These three stories—the anthrax evidence, the McCain/POW revelations, and the Sibel Edmonds charges—are the sort of major exposés that would surely be dominating the headlines of any country with a properly-functioning media. But almost no American has ever heard of them. Before the Internet broke the chokehold of our centralized flow of information, I would have remained just as ignorant myself, despite all the major newspapers and magazines I regularly read.
Am I absolutely sure that any or all of these stories are true? Certainly not, though I think they probably are, given their overwhelming weight of supporting evidence. But absent any willingness of our government or major media to properly investigate them, I cannot say more.
However, this material does conclusively establish something else, which has even greater significance. These dramatic, well-documented accounts have been ignored by our national media, rather than widely publicized. Whether this silence has been deliberate or is merely due to incompetence remains unclear, but the silence itself is proven fact.
A likely reason for this wall of uninterest on so many important issues is that the disasters involved are often bipartisan in nature, with both Democrats and Republicans being culpable and therefore equally eager to hide their mistakes. Perhaps in the famous words of Benjamin Franklin, they realize that they must all hang together or they will surely all hang separately.
We always ridicule the 98 percent voter support that dictatorships frequently achieve in their elections and plebiscites, yet perhaps those secret-ballot results may sometimes be approximately correct, produced by the sort of overwhelming media control that leads voters to assume there is no possible alternative to the existing regime. Is such an undemocratic situation really so different from that found in our own country, in which our two major parties agree on such a broad range of controversial issues and, being backed by total media dominance, routinely split 98 percent of the vote? A democracy may provide voters with a choice, but that choice is largely determined by the information citizens receive from their media.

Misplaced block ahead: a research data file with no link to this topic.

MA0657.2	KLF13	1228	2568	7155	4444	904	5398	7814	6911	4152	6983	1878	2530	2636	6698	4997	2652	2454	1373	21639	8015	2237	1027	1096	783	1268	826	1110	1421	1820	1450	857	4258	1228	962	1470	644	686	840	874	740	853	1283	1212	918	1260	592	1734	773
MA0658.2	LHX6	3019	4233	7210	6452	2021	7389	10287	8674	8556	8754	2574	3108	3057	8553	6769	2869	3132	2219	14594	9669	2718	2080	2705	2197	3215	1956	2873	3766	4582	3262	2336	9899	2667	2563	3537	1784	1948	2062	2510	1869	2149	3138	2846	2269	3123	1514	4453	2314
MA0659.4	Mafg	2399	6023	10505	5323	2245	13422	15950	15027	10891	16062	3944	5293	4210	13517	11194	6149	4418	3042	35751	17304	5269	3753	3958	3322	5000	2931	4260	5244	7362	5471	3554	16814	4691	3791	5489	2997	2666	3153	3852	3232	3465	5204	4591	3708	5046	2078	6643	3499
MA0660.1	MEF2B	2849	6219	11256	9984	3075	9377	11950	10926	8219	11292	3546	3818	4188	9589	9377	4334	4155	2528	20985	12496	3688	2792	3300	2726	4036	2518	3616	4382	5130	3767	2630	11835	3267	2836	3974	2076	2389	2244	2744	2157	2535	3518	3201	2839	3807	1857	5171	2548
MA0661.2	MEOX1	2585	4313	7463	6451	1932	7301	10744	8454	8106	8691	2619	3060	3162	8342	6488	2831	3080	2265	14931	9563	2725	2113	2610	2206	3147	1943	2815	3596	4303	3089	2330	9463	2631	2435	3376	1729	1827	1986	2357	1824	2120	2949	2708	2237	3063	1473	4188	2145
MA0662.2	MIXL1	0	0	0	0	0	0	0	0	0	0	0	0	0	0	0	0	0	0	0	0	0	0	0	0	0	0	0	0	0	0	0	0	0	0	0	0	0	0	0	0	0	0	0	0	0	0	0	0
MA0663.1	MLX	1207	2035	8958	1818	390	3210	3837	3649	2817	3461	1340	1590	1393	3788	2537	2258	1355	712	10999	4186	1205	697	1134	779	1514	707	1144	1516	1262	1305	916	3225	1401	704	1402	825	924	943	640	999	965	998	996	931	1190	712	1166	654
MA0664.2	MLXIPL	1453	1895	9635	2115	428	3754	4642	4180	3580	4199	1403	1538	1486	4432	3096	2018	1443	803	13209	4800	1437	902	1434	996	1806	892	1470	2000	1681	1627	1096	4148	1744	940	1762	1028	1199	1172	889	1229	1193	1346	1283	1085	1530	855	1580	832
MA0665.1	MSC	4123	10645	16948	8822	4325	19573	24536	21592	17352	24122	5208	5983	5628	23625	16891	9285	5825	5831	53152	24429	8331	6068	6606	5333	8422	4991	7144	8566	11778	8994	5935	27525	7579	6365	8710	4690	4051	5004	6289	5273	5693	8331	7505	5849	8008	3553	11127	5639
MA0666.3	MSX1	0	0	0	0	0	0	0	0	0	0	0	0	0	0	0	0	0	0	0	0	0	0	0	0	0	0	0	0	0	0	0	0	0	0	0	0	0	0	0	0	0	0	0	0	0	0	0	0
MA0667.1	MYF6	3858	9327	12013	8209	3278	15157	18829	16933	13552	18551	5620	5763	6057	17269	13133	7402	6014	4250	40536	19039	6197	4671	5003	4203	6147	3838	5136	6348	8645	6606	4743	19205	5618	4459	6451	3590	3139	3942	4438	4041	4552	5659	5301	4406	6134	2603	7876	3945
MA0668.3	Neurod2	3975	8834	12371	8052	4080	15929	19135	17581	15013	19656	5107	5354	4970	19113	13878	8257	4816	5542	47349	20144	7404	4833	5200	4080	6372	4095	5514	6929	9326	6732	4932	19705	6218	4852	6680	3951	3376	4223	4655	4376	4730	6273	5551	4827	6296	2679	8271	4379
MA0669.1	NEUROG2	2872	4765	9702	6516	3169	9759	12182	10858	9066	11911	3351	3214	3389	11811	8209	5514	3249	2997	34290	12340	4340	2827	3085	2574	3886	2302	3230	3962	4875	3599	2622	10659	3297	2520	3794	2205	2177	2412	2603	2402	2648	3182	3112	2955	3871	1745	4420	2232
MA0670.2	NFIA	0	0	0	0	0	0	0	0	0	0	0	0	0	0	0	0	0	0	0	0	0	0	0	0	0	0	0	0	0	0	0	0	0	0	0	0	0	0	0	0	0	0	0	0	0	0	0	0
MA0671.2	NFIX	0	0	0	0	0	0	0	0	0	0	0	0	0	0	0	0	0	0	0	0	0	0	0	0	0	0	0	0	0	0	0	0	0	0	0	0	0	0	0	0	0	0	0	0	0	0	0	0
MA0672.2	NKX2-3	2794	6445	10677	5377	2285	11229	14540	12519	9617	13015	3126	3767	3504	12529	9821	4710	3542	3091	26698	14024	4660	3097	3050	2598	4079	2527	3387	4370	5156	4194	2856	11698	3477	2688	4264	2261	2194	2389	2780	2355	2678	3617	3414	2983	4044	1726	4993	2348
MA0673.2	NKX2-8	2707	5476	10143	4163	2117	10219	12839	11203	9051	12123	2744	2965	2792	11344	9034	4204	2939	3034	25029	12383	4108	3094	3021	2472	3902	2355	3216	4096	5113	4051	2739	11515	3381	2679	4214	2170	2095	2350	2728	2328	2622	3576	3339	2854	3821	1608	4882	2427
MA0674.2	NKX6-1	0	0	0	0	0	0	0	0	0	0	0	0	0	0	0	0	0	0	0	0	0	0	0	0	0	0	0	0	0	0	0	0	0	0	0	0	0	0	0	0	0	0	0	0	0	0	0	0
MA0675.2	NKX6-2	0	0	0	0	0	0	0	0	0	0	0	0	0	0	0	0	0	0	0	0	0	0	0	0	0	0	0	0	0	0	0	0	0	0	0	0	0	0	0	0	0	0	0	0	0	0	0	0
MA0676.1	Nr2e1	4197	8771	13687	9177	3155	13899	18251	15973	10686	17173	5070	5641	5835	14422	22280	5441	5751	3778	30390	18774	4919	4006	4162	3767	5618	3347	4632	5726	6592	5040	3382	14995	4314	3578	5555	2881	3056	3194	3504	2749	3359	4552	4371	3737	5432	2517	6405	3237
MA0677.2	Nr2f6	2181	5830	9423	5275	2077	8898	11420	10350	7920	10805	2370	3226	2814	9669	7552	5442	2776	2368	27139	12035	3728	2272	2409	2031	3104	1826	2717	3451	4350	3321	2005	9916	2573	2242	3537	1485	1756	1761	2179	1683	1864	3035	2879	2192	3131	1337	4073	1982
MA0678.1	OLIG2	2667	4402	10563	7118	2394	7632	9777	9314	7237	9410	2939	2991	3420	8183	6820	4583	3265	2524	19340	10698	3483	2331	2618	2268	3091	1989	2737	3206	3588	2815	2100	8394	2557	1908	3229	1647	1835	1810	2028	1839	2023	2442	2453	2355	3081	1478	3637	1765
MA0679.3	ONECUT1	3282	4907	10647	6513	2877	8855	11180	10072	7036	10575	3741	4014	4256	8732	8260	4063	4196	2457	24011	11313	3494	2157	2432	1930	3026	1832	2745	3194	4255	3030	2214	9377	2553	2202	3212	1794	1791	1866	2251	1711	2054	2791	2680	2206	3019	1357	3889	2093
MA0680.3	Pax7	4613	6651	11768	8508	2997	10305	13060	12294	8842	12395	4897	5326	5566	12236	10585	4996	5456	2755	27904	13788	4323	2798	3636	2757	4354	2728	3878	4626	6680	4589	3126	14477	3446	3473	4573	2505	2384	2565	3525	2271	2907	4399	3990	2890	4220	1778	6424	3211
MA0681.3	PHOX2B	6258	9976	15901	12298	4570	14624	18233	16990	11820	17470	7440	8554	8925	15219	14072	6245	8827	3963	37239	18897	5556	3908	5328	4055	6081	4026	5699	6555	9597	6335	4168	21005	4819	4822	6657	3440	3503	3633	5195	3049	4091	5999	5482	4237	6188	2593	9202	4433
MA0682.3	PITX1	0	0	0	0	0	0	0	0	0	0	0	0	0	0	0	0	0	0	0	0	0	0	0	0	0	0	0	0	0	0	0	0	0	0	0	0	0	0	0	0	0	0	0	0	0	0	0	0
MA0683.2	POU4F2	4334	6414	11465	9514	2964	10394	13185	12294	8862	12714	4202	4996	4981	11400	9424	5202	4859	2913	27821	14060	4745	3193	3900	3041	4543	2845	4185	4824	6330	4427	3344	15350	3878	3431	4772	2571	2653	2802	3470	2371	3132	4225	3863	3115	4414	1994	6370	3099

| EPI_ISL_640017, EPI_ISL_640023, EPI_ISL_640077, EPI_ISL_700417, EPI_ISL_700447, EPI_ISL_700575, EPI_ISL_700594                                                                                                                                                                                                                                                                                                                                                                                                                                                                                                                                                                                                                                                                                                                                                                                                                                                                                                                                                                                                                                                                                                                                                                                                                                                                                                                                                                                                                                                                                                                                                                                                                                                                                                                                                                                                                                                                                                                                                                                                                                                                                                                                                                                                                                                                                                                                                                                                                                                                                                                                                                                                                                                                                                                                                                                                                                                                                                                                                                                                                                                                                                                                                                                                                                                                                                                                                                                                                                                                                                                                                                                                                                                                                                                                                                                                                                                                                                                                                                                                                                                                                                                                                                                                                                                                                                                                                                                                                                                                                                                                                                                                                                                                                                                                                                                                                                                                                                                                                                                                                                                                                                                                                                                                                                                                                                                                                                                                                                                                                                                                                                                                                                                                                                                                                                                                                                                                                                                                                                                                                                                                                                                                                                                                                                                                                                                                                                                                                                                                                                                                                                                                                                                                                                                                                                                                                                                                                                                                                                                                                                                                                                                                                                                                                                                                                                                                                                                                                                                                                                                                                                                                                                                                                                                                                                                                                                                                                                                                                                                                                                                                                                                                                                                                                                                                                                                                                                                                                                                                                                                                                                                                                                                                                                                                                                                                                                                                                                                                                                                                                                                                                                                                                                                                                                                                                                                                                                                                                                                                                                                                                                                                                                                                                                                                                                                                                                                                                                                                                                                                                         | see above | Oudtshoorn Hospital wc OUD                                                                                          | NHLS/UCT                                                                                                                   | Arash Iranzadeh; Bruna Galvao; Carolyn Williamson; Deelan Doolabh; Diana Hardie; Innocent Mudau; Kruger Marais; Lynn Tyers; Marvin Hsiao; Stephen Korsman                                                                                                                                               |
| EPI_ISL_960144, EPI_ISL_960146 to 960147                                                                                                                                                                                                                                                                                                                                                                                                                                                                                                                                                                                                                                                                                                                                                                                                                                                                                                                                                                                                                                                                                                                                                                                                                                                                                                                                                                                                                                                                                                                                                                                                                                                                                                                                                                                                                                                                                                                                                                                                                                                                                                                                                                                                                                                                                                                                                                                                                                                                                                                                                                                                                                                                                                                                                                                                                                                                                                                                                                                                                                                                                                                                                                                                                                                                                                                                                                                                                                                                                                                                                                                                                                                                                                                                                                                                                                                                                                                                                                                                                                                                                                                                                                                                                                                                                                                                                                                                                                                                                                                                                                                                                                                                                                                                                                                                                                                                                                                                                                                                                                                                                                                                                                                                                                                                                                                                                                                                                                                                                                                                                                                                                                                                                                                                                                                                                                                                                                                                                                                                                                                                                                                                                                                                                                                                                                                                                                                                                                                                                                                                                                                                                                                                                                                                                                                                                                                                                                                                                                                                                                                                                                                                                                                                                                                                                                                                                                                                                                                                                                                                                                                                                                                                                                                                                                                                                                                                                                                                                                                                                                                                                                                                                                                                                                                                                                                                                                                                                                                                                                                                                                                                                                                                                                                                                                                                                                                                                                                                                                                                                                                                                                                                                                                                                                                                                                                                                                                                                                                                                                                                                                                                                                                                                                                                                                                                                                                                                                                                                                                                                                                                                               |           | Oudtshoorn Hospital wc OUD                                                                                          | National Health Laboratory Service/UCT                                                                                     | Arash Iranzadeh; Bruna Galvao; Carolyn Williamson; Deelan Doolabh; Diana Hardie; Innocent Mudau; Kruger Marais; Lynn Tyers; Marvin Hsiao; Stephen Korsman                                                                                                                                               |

Most of the Americans who elected Barack Obama in 2008 intended their vote as a total repudiation of the policies and personnel of the preceding George W. Bush administration. Yet once in office, Obama’s crucial selections—Robert Gates at Defense, Timothy Geither at Treasury, and Ben Bernake at the Federal Reserve—were all top Bush officials, and they seamlessly continued the unpopular financial bailouts and foreign wars begun by his predecessor, producing what amounted to a third Bush term.
Consider the fascinating perspective of the recently deceased Boris Berezovsky, once the most powerful of the Russian oligarchs and the puppet master behind President Boris Yeltsin during the late 1990s. After looting billions in national wealth and elevating Vladimir Putin to the presidency, he overreached himself and eventually went into exile. According to the New York Times, he had planned to transform Russia into a fake two-party state—one social-democratic and one neoconservative—in which heated public battles would be fought on divisive, symbolic issues, while behind the scenes both parties would actually be controlled by the same ruling elites. With the citizenry thus permanently divided and popular dissatisfaction safely channeled into meaningless dead-ends, Russia’s rulers could maintain unlimited wealth and power for themselves, with little threat to their reign. Given America’s history over the last couple of decades, perhaps we can guess where Berezovsky got his idea for such a clever political scheme.
Major References in The American Conservative:
- Christopher Ketchum: The Anthrax Files, August 25, 2008
- Ron Unz: Was Rambo Right?, July 2010
- Sydney Schanberg: Silent Treatment, July 2010
- Sydney Schanberg: McCain and the POW Cover-Up, July 2010
- Philip Giraldi: Found in Translation, January 28, 2008
- Philip Giraldi: Who’s Afraid of Sibel Edmonds?, November 2009